Year-One-Nora-Roberts3. Year One, by Nora Roberts. Okay, so if you’re not that into Stephen King because of the length of books he writers, I get it. However, if you’re looking for a pandemic themed book that invokes King’s The Stand without the 1,000 + page count then this one is it. I’ll warn you though, it’s part of a trilogy so if you’re wanting a one and done read, then you may reconsider it. It’s a great read about a sickness that spreads suddenly and within weeks, everything starts to crumble. This is different than your basic pandemic. Where science and technology falls, magic rises and people start developing magical powers and turning into elves and other magical creatures.

world_war_z_book_cover4. World War Z, by Max Brooks. So, without getting into all the zombie fiction out there (and believe me there’s a lot) I’ll just offer this one beacon of light among the undead. This book, written by Director Mel Brook’s son, is a collection of individual accounts following the devastating global conflict against the zombie plague. For those that have read The Zombie Survival Guide, this is the same author and it’s equally well written. While the guide was written in a half-comical nature, WWZ is written in a serious tone that examines survival-ism, uncertainty, and the ineptitude of individuals and governments. It’s really a must-read.

As an additional note, I really disliked the movie simply because it was nothing like the book. In my opinion, it would’ve been better to make it a strict adaptation of the novel. And you can fight me on that.

dracula_book_cover5. Dracula, by Bram Stoker. Okay, hear me out on this one before I get an angry voicemail about how I need to “get my facts straight.” Dracula is about a vampire that travels to England so that he may find new blood and spread the undead curse. However, the good Count is defeated by a band of humans that wield science as a weapon. Sound familiar? It should because that’s the basic theme of almost all pandemic themed fiction. I once wrote a college paper about how Dracula was a metaphor for Cholera. It was pretty good paper inspired by a very good work of fiction. Check it out.

Well, that’s five pandemic inspired fictional works. While I hope you all don’t fall ill with the coronavirus, I do hope you read some of the books on this list. All have a soft spot in my literary heart and have earned a place on my Hall of Fame for books.

With any luck, I’ll talk to you all next week.

A Decade Remembered

For my work, I was tasked in combing through ten years’ worth of Starke County Leaders to find highlights from the last decade. It’s only natural, while making your way through almost 500 editions of a newspaper, that I began to think about the highlights from my own life.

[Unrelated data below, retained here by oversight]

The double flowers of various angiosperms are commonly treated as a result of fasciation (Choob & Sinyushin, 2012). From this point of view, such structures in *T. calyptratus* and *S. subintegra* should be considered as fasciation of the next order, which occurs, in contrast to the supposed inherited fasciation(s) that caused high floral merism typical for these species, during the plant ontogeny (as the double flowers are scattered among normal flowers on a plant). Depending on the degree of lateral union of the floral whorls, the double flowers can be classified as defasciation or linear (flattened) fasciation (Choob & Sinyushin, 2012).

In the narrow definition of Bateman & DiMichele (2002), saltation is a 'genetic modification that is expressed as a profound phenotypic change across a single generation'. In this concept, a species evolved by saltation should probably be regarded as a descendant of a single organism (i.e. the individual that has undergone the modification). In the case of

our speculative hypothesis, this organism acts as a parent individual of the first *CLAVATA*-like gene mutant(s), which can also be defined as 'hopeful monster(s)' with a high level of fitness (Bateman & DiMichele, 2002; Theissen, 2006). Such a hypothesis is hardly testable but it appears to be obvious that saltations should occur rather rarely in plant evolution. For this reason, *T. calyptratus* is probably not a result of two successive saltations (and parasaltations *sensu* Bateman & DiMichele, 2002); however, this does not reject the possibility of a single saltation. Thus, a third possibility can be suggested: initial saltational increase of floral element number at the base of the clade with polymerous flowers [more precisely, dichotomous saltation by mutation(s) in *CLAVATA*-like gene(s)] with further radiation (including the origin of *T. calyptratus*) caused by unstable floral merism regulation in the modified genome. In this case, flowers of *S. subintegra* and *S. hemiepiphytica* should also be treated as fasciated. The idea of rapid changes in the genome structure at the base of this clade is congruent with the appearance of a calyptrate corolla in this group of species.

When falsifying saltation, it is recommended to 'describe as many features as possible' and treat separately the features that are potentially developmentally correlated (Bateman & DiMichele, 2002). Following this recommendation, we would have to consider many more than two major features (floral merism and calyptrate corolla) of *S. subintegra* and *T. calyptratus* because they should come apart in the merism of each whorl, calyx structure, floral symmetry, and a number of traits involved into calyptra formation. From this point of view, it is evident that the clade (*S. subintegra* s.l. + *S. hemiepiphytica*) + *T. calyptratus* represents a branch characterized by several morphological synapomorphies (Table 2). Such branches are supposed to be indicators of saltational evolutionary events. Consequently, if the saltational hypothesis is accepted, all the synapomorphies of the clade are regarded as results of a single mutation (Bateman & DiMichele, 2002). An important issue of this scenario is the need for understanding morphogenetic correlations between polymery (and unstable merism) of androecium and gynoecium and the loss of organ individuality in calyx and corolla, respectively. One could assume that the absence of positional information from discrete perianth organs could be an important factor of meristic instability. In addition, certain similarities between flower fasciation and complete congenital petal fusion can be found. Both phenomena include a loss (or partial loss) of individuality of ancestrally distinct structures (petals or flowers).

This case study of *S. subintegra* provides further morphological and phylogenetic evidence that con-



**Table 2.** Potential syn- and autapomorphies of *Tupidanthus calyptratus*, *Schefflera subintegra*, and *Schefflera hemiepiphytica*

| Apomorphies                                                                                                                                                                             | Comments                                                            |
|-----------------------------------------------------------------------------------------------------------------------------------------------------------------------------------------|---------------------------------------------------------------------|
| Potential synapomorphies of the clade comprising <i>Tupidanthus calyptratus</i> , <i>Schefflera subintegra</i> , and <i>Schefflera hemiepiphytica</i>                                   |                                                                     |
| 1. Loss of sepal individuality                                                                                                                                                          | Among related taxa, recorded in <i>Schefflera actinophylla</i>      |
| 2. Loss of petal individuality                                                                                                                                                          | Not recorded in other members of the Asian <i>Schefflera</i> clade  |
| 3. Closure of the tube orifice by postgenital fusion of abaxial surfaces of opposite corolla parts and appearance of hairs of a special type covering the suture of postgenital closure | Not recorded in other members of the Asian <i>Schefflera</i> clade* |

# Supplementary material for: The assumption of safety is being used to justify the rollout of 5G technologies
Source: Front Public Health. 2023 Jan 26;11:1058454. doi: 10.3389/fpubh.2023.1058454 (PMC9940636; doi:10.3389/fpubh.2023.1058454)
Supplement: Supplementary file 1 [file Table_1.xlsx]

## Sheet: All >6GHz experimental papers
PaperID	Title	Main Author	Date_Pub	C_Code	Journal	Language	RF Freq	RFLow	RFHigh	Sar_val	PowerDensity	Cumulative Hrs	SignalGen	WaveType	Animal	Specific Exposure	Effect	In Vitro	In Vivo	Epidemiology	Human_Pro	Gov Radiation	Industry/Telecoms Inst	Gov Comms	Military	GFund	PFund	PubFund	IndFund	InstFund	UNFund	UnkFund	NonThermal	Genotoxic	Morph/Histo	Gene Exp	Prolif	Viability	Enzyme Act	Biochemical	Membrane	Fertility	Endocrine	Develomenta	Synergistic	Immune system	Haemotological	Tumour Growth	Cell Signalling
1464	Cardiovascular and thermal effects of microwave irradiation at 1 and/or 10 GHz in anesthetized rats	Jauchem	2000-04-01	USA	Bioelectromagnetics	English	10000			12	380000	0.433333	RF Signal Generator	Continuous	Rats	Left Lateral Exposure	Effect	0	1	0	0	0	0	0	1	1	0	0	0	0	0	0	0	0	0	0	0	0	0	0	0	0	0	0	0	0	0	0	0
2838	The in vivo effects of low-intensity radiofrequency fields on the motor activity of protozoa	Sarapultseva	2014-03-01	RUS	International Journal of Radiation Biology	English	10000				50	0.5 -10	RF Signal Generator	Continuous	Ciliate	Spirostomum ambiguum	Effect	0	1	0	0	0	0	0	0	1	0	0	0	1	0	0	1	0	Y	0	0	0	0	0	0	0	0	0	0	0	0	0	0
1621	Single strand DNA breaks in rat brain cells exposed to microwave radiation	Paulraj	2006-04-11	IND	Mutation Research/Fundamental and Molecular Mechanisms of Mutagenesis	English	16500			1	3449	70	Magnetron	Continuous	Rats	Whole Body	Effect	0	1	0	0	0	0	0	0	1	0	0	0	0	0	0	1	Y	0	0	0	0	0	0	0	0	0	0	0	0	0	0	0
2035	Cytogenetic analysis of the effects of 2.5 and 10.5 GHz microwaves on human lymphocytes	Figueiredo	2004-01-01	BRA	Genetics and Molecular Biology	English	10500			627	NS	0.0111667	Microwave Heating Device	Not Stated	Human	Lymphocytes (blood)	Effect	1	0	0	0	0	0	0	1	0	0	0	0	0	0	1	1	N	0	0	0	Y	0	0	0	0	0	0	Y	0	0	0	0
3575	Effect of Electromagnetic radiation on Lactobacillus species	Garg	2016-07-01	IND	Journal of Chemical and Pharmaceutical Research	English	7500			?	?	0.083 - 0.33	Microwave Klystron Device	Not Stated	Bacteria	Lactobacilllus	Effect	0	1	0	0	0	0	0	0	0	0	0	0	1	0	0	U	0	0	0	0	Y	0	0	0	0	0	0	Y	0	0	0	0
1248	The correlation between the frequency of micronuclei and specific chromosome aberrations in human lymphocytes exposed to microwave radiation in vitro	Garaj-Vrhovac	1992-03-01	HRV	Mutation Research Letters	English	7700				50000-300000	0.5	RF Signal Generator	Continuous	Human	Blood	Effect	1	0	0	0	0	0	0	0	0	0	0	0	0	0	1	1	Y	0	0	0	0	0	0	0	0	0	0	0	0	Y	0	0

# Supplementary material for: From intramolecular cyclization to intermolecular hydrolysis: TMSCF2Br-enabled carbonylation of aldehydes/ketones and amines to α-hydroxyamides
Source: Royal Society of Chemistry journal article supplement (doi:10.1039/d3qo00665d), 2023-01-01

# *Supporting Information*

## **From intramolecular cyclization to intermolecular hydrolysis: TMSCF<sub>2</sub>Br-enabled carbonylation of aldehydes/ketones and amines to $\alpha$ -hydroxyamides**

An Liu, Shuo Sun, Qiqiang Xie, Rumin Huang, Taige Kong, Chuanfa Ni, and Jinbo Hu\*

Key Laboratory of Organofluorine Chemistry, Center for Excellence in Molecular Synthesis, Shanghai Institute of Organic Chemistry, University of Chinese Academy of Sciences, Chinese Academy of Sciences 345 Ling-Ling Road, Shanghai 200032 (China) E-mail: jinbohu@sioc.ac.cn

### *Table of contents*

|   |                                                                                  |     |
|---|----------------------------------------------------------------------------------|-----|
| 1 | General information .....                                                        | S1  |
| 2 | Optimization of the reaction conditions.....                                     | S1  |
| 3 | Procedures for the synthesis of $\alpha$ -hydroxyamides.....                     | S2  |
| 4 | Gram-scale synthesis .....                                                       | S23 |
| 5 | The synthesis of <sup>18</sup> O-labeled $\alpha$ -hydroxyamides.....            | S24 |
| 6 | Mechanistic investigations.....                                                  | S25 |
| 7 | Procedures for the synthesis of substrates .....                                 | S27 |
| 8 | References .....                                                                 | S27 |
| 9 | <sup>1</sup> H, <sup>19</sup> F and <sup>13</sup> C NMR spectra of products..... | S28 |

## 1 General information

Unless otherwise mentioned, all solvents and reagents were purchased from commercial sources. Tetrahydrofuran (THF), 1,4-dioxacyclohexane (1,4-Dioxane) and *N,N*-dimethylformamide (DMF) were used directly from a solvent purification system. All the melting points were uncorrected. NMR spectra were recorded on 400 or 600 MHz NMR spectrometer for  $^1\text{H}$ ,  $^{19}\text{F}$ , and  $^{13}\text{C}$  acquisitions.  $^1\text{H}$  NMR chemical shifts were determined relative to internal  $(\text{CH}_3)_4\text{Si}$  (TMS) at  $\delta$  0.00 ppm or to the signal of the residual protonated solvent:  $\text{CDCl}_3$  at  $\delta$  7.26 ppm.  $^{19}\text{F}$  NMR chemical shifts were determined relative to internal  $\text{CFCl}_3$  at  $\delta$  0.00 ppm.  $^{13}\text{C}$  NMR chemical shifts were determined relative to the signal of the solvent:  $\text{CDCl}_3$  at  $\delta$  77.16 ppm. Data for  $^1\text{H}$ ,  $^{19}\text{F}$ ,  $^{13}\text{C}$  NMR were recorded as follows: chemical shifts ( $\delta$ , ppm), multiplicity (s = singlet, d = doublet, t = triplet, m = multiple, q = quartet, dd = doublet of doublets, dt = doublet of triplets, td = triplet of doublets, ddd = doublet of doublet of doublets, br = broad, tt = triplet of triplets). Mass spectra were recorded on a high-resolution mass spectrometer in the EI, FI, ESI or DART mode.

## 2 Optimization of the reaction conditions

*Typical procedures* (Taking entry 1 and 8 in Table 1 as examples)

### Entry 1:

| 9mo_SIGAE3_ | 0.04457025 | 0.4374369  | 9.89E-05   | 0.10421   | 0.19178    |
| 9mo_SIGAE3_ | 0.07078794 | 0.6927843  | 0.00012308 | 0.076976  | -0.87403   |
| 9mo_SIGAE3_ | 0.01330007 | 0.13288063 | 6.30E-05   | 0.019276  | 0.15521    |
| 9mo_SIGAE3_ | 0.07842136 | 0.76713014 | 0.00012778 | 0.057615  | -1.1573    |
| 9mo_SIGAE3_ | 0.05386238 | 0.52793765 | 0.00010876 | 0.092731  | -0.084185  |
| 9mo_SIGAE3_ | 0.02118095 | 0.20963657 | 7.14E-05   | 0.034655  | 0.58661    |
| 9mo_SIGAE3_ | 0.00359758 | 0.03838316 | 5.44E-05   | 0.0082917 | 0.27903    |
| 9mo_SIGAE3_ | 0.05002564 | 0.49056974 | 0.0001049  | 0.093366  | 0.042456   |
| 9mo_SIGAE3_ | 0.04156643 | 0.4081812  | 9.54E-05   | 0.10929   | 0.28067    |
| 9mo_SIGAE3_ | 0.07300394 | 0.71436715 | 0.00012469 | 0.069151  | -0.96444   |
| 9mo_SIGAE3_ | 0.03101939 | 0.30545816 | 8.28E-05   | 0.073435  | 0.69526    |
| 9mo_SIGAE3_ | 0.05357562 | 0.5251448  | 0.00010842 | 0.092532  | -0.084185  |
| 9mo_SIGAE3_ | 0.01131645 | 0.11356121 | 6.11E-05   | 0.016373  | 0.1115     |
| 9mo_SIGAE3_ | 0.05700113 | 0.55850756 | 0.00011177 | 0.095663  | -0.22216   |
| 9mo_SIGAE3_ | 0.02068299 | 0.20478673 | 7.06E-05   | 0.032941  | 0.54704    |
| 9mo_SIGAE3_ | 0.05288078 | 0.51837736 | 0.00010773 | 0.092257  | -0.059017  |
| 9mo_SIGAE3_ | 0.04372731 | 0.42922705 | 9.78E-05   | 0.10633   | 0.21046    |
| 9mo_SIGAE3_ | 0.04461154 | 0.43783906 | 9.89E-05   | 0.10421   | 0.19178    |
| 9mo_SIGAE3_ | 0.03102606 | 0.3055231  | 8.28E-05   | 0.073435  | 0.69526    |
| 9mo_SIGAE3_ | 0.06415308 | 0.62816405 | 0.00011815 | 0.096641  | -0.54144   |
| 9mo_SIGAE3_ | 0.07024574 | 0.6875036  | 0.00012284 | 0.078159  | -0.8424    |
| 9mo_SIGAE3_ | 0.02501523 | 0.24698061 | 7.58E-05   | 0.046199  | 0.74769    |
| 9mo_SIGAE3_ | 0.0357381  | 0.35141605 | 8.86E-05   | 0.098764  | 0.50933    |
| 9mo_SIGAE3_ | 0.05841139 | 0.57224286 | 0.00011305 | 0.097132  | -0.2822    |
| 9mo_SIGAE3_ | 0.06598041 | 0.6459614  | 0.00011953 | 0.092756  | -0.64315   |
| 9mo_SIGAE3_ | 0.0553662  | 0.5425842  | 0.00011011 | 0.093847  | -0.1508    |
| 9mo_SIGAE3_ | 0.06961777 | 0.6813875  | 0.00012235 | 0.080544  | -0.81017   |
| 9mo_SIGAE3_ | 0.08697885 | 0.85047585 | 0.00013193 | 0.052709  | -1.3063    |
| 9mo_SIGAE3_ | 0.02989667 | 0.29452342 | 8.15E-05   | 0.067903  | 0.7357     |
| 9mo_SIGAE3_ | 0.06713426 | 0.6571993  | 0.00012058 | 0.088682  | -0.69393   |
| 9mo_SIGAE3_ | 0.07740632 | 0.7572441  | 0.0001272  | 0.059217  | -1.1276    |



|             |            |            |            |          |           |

Dictionary.com defines highlight as “an important, conspicuous, memorable, or enjoyable event, scene, part, or the like.”

I think it’s important to consider the fact that a highlight can include negative events as well as positive ones. After all, you can’t take the good without taking the bad. For example, look what happens to the Jedi Order when you don’t study the Dark Side of the Force. You end up on the bad side of Order 66. Nobody wants that.

Here are some of the highlights from my own personal decade:
– I celebrated my one-year wedding anniversary on July 11, 2010.
– In March 2010, I wrote this joke: Q. What do you call a sleep walking nun? A. A Roaming Catholic. It was received with mild success.
– In 2011, I went back to school at IUSB. Instead of Computer Science, I began studying English.
– In December 2012, I wrote a 1,600-word paper on King Arthur’s court collapsing due Marxist Theory. It was pretty spectacular.
– My grandfather, James Norton, passed away on March 7, 2013. He was a great man, role model, and grandpa.
– Signed with Permuted Press to have my book series published in February 2014.
– Spent an amazing week in Seattle for the American Writers & Publishers (AWP) conference with fellow IUSB writing friends.
– In 2014 I got a mortgage for a home in Plymouth with my wife of five years.
– On March 2, 2015, I found out that Permuted Press cancelled the book contract.
– I finished my college education at IUSB in May 2015. It took me 11 years, but I did it.
– Left my job at IUSB and started work at the Pilot News Group, where I’m still employed and loving it.
– Found out I had a ginormous blood clot in my left leg. That was fun (sarcasm).
– November 2015 I signed a new book contract with Burning Willow Press for that series that was earlier canceled.